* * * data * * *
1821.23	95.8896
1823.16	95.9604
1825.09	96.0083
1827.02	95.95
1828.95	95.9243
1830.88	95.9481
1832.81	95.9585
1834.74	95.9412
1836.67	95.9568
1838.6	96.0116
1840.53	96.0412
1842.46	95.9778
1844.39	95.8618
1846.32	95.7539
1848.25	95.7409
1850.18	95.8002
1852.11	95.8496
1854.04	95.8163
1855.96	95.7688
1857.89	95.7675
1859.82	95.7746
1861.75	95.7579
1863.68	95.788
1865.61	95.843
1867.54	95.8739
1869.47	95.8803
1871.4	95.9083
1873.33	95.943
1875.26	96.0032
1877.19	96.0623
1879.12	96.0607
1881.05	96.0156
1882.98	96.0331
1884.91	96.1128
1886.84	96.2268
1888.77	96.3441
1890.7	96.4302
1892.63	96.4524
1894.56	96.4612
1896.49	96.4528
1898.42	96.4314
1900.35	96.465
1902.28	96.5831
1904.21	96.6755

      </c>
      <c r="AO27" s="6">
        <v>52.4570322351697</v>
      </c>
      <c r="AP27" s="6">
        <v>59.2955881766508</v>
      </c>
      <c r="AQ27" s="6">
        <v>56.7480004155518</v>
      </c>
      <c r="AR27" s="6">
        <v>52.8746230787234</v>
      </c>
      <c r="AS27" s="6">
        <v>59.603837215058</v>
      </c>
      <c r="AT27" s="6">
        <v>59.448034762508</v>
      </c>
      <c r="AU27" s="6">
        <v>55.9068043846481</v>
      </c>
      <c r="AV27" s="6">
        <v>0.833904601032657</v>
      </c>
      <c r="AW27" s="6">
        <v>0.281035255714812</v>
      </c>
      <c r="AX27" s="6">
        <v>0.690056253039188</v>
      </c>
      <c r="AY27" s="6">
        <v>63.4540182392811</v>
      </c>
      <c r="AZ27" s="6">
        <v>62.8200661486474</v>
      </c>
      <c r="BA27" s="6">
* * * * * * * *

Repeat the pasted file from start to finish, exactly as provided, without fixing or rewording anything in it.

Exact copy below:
1821.23	95.8896
1823.16	95.9604
1825.09	96.0083
1827.02	95.95
1828.95	95.9243
1830.88	95.9481
1832.81	95.9585
1834.74	95.9412
1836.67	95.9568
1838.6	96.0116
1840.53	96.0412
1842.46	95.9778
1844.39	95.8618
1846.32	95.7539
1848.25	95.7409
1850.18	95.8002
1852.11	95.8496
1854.04	95.8163
1855.96	95.7688
1857.89	95.7675
1859.82	95.7746
1861.75	95.7579
1863.68	95.788
1865.61	95.843
1867.54	95.8739
1869.47	95.8803
1871.4	95.9083
1873.33	95.943
1875.26	96.0032
1877.19	96.0623
1879.12	96.0607
1881.05	96.0156
1882.98	96.0331
1884.91	96.1128
1886.84	96.2268
1888.77	96.3441
1890.7	96.4302
1892.63	96.4524
1894.56	96.4612
1896.49	96.4528
1898.42	96.4314
1900.35	96.465
1902.28	96.5831
1904.21	96.6755

      </c>
      <c r="AO27" s="6">
        <v>52.4570322351697</v>
      </c>
      <c r="AP27" s="6">
        <v>59.2955881766508</v>
      </c>
      <c r="AQ27" s="6">
        <v>56.7480004155518</v>
      </c>
      <c r="AR27" s="6">
        <v>52.8746230787234</v>
      </c>
      <c r="AS27" s="6">
        <v>59.603837215058</v>
      </c>
      <c r="AT27" s="6">
        <v>59.448034762508</v>
      </c>
      <c r="AU27" s="6">
        <v>55.9068043846481</v>
      </c>
      <c r="AV27" s="6">
        <v>0.833904601032657</v>
      </c>
      <c r="AW27" s="6">
        <v>0.281035255714812</v>
      </c>
      <c r="AX27" s="6">
        <v>0.690056253039188</v>
      </c>
      <c r="AY27" s="6">
        <v>63.4540182392811</v>
      </c>
      <c r="AZ27" s="6">
        <v>62.8200661486474</v>
      </c>
      <c r="BA27" s="6">